Practical prospecting to business owners aged 40 to 60
John Michale Lau, FChFP
John Michale Lau, FChFP, a nine-year MDRT member, imparts what he considers his most effective client approach to his target market of Filipino-Chinese business owners in their 40s to 60s in the Philippines.
Before starting my career as a financial advisor, I worked in our family’s hardware business as a system admin and programmer. I didn’t have a background in sales then, so I applied what was taught during training. In hindsight, I knew I sounded scripted and unnatural. Still, the constant practice helped me become more confident when talking to prospects.
Today, my clientele is primarily Filipino-Chinese business owners and professionals in their 40s-60s. While they represent a small percentage of our total population, they are among our biggest employers. From what I’ve observed, middle-aged Filipino-Chinese business owners and professionals usually have already built up their savings and are looking to grow their money further.
As entrepreneurs, we connected right away from the prospecting stage because it’s natural for us to talk about business, given our respective ventures. It’s crucial to find a shared kinship to establish trust. For example, we always share our mistakes with potential clients so they can learn from them. Be friendly and casual so that introducing financial planning services into the discussion won’t be a hard sell.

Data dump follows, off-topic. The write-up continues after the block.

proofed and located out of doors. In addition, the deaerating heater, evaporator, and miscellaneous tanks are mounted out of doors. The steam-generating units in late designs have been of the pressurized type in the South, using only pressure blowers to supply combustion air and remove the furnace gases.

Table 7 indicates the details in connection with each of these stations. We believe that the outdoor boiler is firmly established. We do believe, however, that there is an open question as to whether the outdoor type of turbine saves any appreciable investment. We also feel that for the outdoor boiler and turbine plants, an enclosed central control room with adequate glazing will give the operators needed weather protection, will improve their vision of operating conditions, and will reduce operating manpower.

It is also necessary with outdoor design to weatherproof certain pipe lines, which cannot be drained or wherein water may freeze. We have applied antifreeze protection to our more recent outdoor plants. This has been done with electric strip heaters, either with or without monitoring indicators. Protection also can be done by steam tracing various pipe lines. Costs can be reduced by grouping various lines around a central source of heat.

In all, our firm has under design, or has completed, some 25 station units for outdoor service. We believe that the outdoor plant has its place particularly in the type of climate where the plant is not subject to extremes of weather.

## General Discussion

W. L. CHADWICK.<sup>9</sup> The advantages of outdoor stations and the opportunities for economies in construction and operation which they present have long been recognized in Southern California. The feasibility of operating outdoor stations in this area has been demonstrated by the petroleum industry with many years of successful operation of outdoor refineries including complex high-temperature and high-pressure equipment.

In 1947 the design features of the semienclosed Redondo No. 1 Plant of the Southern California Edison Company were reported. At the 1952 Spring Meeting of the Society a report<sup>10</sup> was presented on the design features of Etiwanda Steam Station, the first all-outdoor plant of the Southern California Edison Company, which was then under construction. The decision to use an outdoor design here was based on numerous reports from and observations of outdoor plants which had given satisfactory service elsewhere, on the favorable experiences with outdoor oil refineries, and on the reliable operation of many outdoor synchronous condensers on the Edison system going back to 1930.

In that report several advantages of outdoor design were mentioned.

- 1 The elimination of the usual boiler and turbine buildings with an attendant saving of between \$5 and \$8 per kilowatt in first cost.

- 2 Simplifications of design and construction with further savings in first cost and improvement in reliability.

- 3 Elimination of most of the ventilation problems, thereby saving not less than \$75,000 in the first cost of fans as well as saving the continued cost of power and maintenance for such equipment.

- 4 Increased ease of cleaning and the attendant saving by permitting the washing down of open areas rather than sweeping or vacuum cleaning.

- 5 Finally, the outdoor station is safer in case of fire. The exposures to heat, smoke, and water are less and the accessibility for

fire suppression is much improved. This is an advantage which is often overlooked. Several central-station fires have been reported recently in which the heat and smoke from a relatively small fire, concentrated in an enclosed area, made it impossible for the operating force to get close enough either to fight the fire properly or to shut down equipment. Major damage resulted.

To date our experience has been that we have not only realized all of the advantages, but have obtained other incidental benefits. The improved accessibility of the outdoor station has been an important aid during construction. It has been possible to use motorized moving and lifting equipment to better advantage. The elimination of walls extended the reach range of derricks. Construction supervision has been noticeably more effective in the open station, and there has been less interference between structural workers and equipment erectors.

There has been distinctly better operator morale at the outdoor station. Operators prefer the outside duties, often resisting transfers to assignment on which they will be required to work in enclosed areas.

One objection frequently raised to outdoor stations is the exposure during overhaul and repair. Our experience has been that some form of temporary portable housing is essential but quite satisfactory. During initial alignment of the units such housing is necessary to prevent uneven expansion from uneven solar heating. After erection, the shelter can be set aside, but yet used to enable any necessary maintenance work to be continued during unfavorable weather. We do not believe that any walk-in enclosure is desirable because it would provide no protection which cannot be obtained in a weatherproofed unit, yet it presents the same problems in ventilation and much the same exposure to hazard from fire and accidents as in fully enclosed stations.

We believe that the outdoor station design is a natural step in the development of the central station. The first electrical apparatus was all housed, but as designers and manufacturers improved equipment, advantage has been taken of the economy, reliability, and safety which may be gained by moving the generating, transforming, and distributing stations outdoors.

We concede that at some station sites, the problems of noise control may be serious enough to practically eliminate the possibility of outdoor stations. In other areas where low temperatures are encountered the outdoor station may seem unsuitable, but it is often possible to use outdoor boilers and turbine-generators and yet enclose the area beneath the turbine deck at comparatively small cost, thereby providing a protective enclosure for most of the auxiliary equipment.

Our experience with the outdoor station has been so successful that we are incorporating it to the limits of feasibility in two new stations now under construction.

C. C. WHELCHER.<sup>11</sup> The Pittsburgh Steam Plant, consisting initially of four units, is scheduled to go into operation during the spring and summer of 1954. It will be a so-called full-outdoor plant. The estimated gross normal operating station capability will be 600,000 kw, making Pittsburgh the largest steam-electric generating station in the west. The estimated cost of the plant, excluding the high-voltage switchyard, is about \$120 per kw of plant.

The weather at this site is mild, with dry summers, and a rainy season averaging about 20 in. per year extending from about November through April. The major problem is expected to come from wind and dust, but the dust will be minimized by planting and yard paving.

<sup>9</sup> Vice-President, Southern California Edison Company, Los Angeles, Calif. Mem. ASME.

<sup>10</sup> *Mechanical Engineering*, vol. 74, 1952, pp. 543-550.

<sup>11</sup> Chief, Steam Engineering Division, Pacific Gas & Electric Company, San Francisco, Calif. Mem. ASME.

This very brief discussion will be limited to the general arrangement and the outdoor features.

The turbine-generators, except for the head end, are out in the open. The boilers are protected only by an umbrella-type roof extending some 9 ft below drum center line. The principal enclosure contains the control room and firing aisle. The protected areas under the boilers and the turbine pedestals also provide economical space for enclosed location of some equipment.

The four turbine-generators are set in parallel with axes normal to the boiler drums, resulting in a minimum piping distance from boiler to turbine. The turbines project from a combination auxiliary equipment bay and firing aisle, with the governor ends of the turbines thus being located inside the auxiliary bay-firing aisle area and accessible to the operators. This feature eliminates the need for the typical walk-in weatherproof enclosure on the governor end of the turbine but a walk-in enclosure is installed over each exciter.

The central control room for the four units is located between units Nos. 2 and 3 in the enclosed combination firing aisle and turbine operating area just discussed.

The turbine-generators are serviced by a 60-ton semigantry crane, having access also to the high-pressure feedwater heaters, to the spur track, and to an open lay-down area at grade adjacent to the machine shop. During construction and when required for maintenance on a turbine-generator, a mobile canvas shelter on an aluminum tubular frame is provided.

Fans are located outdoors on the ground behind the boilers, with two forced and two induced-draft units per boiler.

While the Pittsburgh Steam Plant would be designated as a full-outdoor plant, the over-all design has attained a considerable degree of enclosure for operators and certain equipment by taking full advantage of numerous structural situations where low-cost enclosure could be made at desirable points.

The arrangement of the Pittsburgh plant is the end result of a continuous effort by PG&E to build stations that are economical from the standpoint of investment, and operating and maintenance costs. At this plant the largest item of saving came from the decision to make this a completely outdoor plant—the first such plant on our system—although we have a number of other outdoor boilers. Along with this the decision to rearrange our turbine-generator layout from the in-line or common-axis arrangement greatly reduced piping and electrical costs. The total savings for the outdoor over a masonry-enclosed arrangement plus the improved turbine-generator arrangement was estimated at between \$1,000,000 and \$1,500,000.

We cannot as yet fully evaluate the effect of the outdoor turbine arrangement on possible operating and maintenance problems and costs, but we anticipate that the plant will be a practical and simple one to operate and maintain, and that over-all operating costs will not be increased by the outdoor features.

Strive to make it a mutually beneficial relationship. Earlier this year, an acquaintance needed a hectare of land in a particular province. To help her out, I reached out to a prospect of mine who resides in the area to see if he knows a real estate agent there. I made the introductions. Now the prospect’s my client. Sometimes the process takes time. Don’t lose hope. Be kind and be helpful.
Despite being an introvert, I became a full-time financial advisor because I wanted to develop myself further. I had to get out of my comfort zone and do cold calling. It’s important to practice talking to prospects and clients over the phone. My target market communicates mainly through phone calls or SMS, so I needed to adapt to their preferences. During calls, the objective is not to fully explain the proposal but to secure an appointment. If you don’t set a meeting after the call, the rejection rate is higher, in my experience.
Lastly, proactively ask for recommendations from your prospects. While I consider both natural and cold markets for prospecting, it’s generally easier to get an appointment with someone who already knows you due to familiarity and a certain amount of trust established. Even if your family or friends do not get a plan from you, they can refer you to their network. You have a higher chance of getting someone’s time and attention if you are referred to by someone they know. Our clientele grew by following the center-of-influence method.
A prospective client didn’t get a plan from us but referred us to her brother. My spiel went like this, “Mr. Client, you were referred to me by your sister to whom I recently talked as the plans I proposed might be of interest. Kindly give me a few minutes of your time to discuss them with you.”
It worked. We closed a sale with him and met his other sister and their Mom, and they signed up with us, too.
When asking for recommendations, don’t settle for anything less than five names. It’s up to you to turn leads into clients. If you don’t ask, the answer will always be No.